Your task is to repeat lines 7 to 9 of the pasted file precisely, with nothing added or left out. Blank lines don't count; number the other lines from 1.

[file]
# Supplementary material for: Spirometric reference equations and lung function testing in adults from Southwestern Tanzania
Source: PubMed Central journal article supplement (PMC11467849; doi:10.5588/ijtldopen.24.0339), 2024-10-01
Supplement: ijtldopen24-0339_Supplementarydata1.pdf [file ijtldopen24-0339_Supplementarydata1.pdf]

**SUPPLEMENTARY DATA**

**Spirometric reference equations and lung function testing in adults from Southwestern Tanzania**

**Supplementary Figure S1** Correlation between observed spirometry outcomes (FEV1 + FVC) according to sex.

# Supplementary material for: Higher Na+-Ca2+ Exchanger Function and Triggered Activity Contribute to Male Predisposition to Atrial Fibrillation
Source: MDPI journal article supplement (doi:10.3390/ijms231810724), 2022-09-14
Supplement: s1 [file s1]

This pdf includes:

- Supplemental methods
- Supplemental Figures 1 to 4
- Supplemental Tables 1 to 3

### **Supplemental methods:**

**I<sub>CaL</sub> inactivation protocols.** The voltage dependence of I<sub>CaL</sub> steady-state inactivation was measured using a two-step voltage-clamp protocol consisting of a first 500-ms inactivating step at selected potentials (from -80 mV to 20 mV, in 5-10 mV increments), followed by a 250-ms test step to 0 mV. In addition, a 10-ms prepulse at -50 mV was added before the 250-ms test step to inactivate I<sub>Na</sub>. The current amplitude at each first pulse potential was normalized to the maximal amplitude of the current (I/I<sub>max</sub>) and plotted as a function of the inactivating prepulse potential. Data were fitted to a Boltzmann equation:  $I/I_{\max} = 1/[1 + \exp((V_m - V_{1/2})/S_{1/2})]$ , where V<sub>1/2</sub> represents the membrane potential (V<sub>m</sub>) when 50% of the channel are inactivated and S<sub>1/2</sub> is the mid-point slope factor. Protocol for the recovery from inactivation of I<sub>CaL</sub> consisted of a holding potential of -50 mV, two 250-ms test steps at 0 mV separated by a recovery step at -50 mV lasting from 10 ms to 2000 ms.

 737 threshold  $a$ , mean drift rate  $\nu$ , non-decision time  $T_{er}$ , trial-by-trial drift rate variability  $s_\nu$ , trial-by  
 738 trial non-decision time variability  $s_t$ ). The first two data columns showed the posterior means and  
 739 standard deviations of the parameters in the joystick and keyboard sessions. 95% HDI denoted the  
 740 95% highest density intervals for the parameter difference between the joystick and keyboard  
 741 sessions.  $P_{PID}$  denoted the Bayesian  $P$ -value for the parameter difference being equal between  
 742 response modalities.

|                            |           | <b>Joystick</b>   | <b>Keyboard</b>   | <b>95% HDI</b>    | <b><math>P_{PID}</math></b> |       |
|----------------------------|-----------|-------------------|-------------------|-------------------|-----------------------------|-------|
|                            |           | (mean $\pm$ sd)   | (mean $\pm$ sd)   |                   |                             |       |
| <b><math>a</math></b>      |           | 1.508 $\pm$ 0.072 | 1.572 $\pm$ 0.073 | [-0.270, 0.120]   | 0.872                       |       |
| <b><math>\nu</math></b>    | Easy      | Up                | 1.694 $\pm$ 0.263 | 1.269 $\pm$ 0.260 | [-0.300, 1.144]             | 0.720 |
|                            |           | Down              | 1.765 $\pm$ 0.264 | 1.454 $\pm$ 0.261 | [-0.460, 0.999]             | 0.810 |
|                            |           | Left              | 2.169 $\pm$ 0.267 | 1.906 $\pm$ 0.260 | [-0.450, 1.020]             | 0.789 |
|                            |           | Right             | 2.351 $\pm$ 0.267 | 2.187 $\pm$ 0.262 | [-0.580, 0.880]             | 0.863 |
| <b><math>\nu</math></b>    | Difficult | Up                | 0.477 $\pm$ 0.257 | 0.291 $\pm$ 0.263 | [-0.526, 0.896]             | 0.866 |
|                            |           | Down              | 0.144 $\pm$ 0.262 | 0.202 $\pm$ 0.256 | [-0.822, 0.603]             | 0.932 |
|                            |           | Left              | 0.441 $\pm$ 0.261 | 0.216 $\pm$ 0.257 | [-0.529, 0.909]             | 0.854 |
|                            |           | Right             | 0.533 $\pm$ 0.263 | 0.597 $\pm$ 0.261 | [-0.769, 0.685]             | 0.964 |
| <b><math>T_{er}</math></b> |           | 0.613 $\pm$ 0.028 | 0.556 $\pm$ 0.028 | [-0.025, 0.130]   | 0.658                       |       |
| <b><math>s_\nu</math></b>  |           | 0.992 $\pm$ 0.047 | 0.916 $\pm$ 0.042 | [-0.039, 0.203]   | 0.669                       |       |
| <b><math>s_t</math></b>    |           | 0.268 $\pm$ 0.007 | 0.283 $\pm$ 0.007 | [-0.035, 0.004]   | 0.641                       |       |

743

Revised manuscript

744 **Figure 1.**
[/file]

# Supplementary material for: Higher Na+-Ca2+ Exchanger Function and Triggered Activity Contribute to Male Predisposition to Atrial Fibrillation
Source: MDPI journal article supplement (doi:10.3390/ijms231810724), 2022-09-14
Supplement: s1 [file s1]